Even though there were some changes in the law last year, access to medical cannabis continues being too slow in the UK and too many patients pay for it
Both patients and parents were expecting faster changes, according to The BMJ today. David Nutt, professor of neuropsychopharmacology at Imperial College London, says that very few children with juvenile epilepsy have access to the substance.
Hannah Deacon, the mother of Alfie Dingley, the child whose profile was highly decisive to change the law, wonders why the law was changed if the access continues being so restrictive.
Professor David Nutt says that cannabis can be considered the oldest medicine in the world. In fact, it was prescribed in the UK until 1971. In this date, the Misuse of Drugs Act declared that medical use was out of law.
It wasn’t until 2018, when a high-profile campaign led by Hannah Deacon, the mother of Alfie Dingley, got the first UK license for medical cannabis and asked for a review of the status.
The first of November 2018, the law changed and some cannabis products were allowed to be prescribed by specialists and GP.
Unfortunately, too many children continue having many seizures because neurologists don’t prescribe it, says Nutt. It seems to be a lack of training, fear of prescribing the licenses, the lack of financial resources of some patients and the problems of getting enough supplies from other countries.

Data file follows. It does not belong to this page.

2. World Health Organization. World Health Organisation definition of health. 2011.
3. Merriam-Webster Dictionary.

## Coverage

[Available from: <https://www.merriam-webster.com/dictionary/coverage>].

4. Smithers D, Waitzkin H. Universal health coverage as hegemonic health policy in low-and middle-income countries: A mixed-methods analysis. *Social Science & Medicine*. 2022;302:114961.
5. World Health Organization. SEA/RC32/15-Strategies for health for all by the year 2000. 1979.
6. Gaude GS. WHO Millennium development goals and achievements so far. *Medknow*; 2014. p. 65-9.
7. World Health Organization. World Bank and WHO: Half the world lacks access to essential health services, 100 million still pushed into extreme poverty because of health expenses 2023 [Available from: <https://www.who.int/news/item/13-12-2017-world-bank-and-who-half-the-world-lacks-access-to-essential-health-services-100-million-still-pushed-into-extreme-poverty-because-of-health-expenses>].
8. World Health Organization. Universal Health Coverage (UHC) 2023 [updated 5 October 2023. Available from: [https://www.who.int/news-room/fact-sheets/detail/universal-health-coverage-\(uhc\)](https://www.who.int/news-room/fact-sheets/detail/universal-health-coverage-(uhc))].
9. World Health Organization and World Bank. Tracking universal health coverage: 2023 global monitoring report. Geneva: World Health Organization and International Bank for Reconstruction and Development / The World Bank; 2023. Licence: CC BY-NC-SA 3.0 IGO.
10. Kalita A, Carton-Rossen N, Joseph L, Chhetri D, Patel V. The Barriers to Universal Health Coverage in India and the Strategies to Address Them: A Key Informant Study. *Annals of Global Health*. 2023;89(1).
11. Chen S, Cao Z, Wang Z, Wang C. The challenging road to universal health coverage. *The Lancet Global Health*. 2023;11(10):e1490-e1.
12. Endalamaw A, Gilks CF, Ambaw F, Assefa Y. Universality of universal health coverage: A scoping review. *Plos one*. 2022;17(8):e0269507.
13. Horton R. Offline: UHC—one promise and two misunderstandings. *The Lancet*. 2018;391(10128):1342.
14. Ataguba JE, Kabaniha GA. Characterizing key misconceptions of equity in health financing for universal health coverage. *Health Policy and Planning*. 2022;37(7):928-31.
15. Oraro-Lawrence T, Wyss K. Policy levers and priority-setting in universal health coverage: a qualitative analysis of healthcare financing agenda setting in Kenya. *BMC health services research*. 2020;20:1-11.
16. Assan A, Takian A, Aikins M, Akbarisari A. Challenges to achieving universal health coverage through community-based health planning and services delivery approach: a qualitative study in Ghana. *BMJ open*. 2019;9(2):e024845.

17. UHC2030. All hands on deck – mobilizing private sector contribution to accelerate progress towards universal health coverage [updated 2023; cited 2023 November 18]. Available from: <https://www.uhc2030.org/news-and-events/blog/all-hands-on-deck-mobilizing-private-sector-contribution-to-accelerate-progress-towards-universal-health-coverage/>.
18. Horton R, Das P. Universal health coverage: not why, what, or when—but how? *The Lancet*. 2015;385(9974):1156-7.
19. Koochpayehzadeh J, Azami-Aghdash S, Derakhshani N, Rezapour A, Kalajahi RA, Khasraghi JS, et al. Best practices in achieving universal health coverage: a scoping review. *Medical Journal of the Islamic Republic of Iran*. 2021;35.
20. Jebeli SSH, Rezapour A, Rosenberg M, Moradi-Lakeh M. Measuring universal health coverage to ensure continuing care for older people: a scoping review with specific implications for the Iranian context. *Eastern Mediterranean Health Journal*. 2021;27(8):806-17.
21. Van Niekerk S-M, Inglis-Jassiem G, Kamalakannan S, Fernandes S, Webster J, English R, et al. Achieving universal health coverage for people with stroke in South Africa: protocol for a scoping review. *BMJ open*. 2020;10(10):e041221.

Nutt expects the situation will improve. In order to tackle the lack of evidences he says it should be used the cancer research model. He also remind of penicillin. It was another natural medicine that was well accepted among UK doctors in order to fulfil a clinical need although there had been no trials enough of its efficiency. Medical doctors should consider cannabis as they considered penicillin years ago.
Any child who suffers from intractable epilepsy should have the opportunity to try cannabis because it could save his/her life, argues Hannah Deacon. Hannah remembers how hard she had to fight for doctors to prescribe medical cannabis for her son in order to alleviate his seizures. Unfortunately, many other children in the same condition cannot have the access to these medicines, although it is legal.
Doctors say they have lack of evidences, lack of money and support from NHS managers.
Hannah Deacon is now working with the campaign group End Our Pain, that is supporting 16 families that need medical cannabis prescriptions. She recognizes that cannabis is not a panacea but that it is terrible seeing how no doctors from the NHS want to prescribe a medicine for children who have been suffering for so many years after trying other possibilities without results.
Although she recognizes that the NHS has no funds, it is very sad that the long term care exceed those of a medicine able to give the children a new life.
Hannah Deacon and other mothers became campaigners because they had no choice. They have become their children’s only advocates and they have to do whatever necessary to be listened.